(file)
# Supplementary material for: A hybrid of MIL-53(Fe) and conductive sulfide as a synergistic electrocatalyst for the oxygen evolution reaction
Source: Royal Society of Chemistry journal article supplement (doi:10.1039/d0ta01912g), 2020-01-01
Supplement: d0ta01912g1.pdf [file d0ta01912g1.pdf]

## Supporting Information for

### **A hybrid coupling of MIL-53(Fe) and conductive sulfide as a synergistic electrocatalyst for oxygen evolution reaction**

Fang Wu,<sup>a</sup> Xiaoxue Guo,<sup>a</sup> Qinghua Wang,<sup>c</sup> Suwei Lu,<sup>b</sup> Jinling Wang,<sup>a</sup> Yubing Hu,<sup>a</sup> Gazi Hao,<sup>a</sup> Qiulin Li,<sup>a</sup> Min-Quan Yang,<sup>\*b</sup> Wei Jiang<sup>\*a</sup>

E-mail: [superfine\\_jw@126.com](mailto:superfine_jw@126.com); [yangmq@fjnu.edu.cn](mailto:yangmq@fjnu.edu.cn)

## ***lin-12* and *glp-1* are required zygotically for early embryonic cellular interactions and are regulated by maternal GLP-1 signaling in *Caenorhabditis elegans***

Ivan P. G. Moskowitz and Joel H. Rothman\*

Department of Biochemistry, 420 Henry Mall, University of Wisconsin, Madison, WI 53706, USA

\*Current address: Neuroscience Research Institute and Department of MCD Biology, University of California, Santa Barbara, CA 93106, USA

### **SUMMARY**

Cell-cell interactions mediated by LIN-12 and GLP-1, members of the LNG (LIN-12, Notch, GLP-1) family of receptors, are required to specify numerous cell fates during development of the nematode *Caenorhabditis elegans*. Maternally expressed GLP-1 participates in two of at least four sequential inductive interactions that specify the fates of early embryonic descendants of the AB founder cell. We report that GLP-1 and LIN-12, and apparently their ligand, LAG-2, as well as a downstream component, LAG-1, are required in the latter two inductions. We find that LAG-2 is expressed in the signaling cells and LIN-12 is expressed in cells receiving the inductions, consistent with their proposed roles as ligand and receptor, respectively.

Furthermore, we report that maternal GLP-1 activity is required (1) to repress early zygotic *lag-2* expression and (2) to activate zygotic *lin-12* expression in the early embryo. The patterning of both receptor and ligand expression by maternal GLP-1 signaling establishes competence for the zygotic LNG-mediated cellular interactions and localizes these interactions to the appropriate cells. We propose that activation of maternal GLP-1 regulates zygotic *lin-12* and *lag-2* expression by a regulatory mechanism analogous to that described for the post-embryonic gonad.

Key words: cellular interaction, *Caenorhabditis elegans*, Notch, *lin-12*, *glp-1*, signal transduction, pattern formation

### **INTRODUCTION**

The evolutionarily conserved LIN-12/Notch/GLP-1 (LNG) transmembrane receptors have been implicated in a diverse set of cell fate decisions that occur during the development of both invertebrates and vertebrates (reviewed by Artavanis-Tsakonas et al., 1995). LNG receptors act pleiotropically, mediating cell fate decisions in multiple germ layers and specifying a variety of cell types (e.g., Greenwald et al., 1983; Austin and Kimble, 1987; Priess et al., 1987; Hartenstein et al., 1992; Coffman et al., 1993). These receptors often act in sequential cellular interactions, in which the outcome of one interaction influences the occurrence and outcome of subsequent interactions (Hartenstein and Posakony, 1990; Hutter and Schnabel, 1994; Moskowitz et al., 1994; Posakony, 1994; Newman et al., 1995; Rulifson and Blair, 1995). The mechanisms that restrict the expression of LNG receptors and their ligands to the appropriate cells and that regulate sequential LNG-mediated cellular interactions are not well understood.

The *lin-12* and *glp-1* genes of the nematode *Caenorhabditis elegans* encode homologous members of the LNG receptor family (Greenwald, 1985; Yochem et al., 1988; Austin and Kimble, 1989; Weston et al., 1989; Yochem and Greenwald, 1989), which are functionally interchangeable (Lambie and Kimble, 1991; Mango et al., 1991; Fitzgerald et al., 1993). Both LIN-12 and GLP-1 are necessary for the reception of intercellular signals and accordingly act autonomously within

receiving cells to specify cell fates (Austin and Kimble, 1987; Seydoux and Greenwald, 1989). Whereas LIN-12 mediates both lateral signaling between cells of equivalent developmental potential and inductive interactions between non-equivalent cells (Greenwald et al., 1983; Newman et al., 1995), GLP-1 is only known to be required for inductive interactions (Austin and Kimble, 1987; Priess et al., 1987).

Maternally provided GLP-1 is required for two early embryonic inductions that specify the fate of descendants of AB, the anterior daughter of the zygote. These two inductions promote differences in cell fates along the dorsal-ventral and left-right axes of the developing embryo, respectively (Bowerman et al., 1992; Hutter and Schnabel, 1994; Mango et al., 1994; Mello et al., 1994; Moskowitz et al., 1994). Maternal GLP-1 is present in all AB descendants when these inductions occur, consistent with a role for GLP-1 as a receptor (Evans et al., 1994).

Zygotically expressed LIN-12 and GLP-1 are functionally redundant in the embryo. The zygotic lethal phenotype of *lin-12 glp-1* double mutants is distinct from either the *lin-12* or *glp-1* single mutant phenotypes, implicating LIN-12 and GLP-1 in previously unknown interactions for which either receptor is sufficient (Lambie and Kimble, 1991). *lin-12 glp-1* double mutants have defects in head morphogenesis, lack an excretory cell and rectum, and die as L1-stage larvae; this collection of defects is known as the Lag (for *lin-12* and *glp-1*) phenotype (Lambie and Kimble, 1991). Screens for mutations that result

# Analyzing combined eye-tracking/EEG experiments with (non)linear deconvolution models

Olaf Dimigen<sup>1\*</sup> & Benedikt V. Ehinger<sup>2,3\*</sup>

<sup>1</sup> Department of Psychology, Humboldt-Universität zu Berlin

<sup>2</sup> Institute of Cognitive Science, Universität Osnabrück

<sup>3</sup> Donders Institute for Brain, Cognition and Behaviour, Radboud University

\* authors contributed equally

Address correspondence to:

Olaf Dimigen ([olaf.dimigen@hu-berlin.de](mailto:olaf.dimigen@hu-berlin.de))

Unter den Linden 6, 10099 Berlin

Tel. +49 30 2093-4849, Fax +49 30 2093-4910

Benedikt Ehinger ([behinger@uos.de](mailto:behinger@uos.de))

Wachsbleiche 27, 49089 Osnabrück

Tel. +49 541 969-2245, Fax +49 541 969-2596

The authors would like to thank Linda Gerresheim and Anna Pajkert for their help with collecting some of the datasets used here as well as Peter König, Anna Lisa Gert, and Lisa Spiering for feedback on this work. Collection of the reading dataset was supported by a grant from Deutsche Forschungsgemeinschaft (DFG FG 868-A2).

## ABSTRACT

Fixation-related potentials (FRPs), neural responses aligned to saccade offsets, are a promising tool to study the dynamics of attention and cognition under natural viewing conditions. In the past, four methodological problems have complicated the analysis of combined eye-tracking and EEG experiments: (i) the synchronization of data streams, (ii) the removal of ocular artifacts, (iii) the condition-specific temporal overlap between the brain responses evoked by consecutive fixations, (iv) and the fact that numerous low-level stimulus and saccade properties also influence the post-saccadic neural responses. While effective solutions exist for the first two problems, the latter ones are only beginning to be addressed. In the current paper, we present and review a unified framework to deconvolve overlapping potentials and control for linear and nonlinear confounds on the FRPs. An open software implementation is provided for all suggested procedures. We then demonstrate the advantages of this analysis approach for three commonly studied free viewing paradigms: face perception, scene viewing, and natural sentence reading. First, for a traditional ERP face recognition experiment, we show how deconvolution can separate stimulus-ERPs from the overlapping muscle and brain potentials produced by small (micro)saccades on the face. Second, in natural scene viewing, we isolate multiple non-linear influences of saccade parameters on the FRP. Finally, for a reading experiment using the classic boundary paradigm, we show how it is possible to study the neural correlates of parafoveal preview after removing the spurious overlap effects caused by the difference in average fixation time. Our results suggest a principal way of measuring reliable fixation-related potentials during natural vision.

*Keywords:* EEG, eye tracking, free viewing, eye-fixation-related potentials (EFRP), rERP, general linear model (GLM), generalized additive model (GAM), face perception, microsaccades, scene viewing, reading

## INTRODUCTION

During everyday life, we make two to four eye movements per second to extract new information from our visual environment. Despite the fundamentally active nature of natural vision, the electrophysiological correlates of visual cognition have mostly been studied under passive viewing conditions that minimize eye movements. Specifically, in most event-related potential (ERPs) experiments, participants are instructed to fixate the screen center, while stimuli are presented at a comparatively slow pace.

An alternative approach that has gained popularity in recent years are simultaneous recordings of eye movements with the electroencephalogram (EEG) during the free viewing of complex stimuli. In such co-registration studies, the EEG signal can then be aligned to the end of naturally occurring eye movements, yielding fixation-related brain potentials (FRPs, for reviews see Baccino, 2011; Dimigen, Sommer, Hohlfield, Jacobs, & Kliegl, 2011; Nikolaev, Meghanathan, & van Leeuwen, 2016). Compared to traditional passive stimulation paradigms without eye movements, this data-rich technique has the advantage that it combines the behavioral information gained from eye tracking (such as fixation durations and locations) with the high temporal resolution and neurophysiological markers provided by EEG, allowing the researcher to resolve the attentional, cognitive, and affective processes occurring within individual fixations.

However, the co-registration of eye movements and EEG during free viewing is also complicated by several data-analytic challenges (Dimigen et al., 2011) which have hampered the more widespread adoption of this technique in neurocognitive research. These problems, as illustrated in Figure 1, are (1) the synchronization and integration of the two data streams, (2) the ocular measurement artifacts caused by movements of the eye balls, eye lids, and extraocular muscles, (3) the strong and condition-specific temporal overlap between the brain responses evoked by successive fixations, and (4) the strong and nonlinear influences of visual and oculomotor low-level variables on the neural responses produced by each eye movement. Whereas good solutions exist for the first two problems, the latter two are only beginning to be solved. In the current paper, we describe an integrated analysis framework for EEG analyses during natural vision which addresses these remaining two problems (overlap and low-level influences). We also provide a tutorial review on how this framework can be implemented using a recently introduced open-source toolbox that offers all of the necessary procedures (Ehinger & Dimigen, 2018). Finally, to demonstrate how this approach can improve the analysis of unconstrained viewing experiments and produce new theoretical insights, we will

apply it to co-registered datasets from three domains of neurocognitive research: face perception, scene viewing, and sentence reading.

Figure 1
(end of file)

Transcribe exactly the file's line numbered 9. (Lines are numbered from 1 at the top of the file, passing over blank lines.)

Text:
Ivan P. G. Moskowitz and Joel H. Rothman\*